I Am Not the Christ
According to the angel who spoke to Elizabeth before her baby was born, the child who was to be named John would be for the world a herald of the Messiah who was coming. “He will go on before the Lord, in the spirit and power of Elijah,” the angel told her.(1)
And so it was. Calling all who would hear to repent and believe, the New Testament writers report that John was to the world what God promised. He was sent to prepare the way for the coming Lord, to prepare hearts to recognize God among them. “Many of the people of Israel will he bring back to the Lord their God,” proclaimed the angel. This John did and continues to do.
It may seem odd to some that this untamed, locust-eating figure of John the Baptist is one of the key figures in celebrating the Christmas season. His wild and probing message continues to cry in urgency, “Are you ready,” and for this, despite the sentimental and domesticated visions of Christmas common to our era, is a cry worthy of the bizarre and jolting doctrine of Incarnation. Are you ready to respond to the fragile infant that came into the world through a manger in Bethlehem? Are you ready to hear him, see him, consume his flesh and blood? Are you ready to recognize God in body among you, the hunter, the king, the great I AM? The testimony of John was essentially tame compared to the mystery of an incarnate God. Repeatedly John insists, “I am not the Christ, but truly and fearfully, there is one who is.”(2)
The Incarnation, this embodied presence of God, bids us not only to remember God’s descent into a dirty stable in Bethlehem, but to keep ourselves awake to the reality of God’s descending upon the thresholds of our lives. As John called the people of Israel, so the Incarnation continues to sound the consequence of this mystery: Keep yourselves clothed in readiness, for God is near.
Yet even John, who was the first to recognize Jesus for who he was, leaping in his own mother’s womb at the arrival of the pregnant Mary, struggled through dark and confusing times, wondering perhaps if God was indeed near. Thrown in jail by Herod, John’s certainty seems to be challenged for the first time. “Go and ask Jesus,” John told his disciples, “Are you the one who was to come, or should we expect someone else?” One can almost see the fog coming over the message of light he preached so confidently. “If this man is who I thought he was, why am I in this place?”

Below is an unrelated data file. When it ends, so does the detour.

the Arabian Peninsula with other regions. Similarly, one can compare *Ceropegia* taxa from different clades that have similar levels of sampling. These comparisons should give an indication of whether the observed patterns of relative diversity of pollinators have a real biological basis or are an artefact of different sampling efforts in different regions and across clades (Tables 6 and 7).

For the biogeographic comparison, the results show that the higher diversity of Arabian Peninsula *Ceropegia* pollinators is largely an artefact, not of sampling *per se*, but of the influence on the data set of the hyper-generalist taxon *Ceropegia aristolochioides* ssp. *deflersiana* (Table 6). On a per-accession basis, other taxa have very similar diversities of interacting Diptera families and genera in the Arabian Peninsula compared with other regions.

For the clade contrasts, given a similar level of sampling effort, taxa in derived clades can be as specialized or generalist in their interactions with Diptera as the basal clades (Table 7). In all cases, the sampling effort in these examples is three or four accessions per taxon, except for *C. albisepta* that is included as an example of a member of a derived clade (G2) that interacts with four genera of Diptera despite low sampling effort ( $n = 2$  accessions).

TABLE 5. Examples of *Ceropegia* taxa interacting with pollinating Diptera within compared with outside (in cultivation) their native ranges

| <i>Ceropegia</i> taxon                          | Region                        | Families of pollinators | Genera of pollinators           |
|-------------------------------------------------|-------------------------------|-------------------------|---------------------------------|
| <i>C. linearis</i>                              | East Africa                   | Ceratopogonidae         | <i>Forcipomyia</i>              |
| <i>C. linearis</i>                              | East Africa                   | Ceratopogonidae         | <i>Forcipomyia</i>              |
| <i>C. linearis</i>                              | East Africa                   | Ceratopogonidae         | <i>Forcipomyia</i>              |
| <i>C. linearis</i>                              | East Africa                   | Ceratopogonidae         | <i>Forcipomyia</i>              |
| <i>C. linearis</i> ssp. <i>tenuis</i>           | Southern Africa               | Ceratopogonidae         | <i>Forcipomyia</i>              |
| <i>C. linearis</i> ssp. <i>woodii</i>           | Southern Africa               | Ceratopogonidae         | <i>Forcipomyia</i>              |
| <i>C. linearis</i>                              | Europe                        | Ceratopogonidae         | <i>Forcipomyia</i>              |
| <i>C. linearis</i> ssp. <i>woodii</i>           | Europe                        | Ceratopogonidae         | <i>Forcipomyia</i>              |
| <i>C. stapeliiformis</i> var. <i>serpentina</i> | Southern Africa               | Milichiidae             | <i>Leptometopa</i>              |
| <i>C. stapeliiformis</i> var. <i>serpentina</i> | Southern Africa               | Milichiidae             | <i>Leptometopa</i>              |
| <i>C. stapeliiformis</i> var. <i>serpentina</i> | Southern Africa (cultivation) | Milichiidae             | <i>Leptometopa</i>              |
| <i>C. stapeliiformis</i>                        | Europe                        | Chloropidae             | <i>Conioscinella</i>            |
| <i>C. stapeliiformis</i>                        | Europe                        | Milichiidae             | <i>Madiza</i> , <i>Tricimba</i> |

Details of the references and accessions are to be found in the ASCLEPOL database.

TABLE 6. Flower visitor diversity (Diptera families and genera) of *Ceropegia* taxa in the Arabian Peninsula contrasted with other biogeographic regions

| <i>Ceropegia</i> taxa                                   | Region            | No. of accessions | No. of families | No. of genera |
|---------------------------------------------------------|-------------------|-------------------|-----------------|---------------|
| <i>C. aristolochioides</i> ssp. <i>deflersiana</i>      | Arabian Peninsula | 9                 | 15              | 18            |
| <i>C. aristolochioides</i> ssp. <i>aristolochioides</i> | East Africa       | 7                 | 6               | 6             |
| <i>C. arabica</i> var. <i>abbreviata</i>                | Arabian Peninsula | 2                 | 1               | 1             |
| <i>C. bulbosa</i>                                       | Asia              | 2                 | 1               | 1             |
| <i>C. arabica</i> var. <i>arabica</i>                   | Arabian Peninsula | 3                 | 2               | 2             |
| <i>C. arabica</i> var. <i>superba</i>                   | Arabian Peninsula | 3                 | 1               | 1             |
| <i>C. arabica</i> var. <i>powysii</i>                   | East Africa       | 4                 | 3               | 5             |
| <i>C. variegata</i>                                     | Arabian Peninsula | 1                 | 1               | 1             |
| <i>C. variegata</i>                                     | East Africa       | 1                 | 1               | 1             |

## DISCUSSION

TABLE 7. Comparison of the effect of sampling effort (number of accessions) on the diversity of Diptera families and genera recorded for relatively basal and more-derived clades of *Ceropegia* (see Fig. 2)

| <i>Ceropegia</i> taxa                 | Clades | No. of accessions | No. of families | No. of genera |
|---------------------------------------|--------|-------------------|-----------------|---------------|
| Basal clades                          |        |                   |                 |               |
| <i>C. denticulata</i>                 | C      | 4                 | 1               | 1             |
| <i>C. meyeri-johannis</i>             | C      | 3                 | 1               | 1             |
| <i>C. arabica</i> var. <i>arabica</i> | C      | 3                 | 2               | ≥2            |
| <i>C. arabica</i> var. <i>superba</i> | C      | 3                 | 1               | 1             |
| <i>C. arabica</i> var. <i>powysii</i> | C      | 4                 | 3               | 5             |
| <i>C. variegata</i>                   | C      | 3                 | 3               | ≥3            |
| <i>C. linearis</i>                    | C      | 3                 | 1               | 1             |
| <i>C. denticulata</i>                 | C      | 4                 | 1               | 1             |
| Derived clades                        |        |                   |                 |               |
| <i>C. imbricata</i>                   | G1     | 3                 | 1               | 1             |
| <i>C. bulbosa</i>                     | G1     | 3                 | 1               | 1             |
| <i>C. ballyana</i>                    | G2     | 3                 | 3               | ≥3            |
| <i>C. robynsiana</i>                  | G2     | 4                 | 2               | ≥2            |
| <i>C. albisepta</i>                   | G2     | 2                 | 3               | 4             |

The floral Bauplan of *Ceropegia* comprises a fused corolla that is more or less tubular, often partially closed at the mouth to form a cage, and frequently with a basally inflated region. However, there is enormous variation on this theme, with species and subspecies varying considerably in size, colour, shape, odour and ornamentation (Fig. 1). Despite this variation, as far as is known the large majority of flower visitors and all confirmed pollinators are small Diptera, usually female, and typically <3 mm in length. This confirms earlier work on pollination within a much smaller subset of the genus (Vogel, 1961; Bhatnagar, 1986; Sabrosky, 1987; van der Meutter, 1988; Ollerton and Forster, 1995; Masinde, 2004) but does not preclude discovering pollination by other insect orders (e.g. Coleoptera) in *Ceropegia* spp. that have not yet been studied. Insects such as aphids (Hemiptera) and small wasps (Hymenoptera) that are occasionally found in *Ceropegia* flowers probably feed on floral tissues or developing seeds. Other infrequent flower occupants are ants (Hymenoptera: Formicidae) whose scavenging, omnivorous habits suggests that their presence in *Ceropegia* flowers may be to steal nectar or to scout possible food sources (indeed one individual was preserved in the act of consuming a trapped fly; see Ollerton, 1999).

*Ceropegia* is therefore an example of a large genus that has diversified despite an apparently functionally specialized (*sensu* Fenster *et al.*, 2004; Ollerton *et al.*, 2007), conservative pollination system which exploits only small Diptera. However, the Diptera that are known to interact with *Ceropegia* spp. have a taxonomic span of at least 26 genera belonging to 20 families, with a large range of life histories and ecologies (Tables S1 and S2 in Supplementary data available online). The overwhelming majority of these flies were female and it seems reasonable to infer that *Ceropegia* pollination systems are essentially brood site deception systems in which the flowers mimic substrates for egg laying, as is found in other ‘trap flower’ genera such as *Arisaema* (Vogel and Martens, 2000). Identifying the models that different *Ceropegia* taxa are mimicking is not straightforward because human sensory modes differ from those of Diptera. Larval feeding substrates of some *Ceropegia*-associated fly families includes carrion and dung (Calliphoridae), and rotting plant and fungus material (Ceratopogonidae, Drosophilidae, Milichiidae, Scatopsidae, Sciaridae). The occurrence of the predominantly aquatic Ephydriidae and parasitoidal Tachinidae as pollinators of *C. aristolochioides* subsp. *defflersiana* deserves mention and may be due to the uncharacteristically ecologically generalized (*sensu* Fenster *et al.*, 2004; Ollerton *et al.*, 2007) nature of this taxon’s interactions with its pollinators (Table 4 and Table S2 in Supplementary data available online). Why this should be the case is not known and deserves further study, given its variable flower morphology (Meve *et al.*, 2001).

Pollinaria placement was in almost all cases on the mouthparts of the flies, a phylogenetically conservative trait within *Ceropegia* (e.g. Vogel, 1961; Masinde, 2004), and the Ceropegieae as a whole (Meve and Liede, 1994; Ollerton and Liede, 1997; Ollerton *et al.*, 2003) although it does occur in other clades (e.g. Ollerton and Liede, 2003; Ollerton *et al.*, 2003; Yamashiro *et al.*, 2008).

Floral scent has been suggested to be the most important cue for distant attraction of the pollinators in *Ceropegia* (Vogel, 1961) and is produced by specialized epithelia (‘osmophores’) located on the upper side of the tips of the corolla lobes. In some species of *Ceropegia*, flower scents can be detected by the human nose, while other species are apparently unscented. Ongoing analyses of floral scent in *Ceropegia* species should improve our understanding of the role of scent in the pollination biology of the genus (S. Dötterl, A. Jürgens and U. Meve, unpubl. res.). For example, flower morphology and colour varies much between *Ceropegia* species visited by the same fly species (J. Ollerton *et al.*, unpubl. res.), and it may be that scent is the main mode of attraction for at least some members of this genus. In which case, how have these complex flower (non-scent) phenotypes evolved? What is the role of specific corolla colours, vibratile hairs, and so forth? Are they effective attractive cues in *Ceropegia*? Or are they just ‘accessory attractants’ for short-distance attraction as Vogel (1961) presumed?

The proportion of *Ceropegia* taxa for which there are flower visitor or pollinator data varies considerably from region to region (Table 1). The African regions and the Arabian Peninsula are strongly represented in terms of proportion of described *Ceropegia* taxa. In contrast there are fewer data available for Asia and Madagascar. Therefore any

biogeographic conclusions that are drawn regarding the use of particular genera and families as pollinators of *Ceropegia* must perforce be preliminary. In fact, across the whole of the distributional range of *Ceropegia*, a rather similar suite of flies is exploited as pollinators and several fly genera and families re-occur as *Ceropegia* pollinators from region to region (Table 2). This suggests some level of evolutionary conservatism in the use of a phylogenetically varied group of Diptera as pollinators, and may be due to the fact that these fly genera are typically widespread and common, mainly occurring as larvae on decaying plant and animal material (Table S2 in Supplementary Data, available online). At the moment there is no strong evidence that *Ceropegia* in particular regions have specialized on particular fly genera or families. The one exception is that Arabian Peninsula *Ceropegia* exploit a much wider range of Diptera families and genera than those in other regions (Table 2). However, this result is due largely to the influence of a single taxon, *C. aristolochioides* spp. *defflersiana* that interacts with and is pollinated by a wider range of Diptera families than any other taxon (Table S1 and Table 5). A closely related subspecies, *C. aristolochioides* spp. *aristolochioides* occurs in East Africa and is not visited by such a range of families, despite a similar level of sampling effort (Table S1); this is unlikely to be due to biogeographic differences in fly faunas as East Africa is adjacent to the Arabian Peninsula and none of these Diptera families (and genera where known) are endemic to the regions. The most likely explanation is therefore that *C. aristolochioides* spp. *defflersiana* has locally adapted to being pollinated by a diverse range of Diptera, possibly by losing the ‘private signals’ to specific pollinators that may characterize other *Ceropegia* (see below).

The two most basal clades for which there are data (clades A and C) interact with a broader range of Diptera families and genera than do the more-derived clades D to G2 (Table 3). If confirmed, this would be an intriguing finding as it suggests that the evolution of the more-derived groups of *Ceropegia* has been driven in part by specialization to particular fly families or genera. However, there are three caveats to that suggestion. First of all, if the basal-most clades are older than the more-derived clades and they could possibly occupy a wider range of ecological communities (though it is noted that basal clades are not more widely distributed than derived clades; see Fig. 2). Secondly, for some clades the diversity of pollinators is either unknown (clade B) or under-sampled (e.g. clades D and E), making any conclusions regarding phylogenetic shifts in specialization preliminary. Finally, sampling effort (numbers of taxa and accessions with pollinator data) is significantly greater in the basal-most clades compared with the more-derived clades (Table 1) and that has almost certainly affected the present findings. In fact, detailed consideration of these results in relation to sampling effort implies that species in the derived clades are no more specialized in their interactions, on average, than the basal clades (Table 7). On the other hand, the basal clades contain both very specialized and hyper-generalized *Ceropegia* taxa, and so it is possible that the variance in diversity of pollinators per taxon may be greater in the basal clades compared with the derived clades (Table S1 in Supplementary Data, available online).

With John in mind, it is fitting to note that Dietrich Bonhoeffer once compared our waiting on God to the waiting that is done in a prison cell, “in which one waits and hopes and does various unessential things… but is completely dependent on the fact that the door of freedom has to be opened from the outside.” It is a dramatic metaphor, particularly from one who stood imprisoned himself, chained for standing up to the Nazi’s, waiting for them to deal with him as they would. Bonhoeffer saw clearly something we forget in the midst of a sentimental holiday: the Incarnation is about God breaking through the door that we ourselves cannot open. And in fact, all year round, the Incarnation is our promise that God will come breaking through once again.
I have always wondered if Jesus’s response to John’s question frustrated the prophet behind bars or if it is my own frustration so easily read into his words. Jesus didn’t offer a clear and certain answer for the alone and imprisoned baptizer, but invited John to answer his own question. “Go back and report to John what you hear and see,” Jesus told John’s disciples. “The blind receive sight, the lame walk, those who have leprosy are cured, the deaf hear, the dead are raised, and the good news is preached to the poor. Blessed is the man who does not fall away on account of me.”(3) We are not given John’s response.
Sitting within his quiet cell, perhaps John recounted the conversations he had with Jesus. Perhaps he even heard again the words God had placed on his own lips. “He who is mightier than I is coming, the strap of whose sandals I am not worthy to untie. He will baptize you with the Holy Spirit and with fire” (Luke 3:16). God was moving, came the report from outside the prison, though John sat alone and waiting. The question that permeated the prophet’s testimony thus became a question Jesus seemed to ask John himself: Are you ready? Are you ready for a redemptive God who continues to do the unthinkable?
(1) Luke 1:17.
(2) See John 1:19-28.
(3) Matthew 11:4-6.
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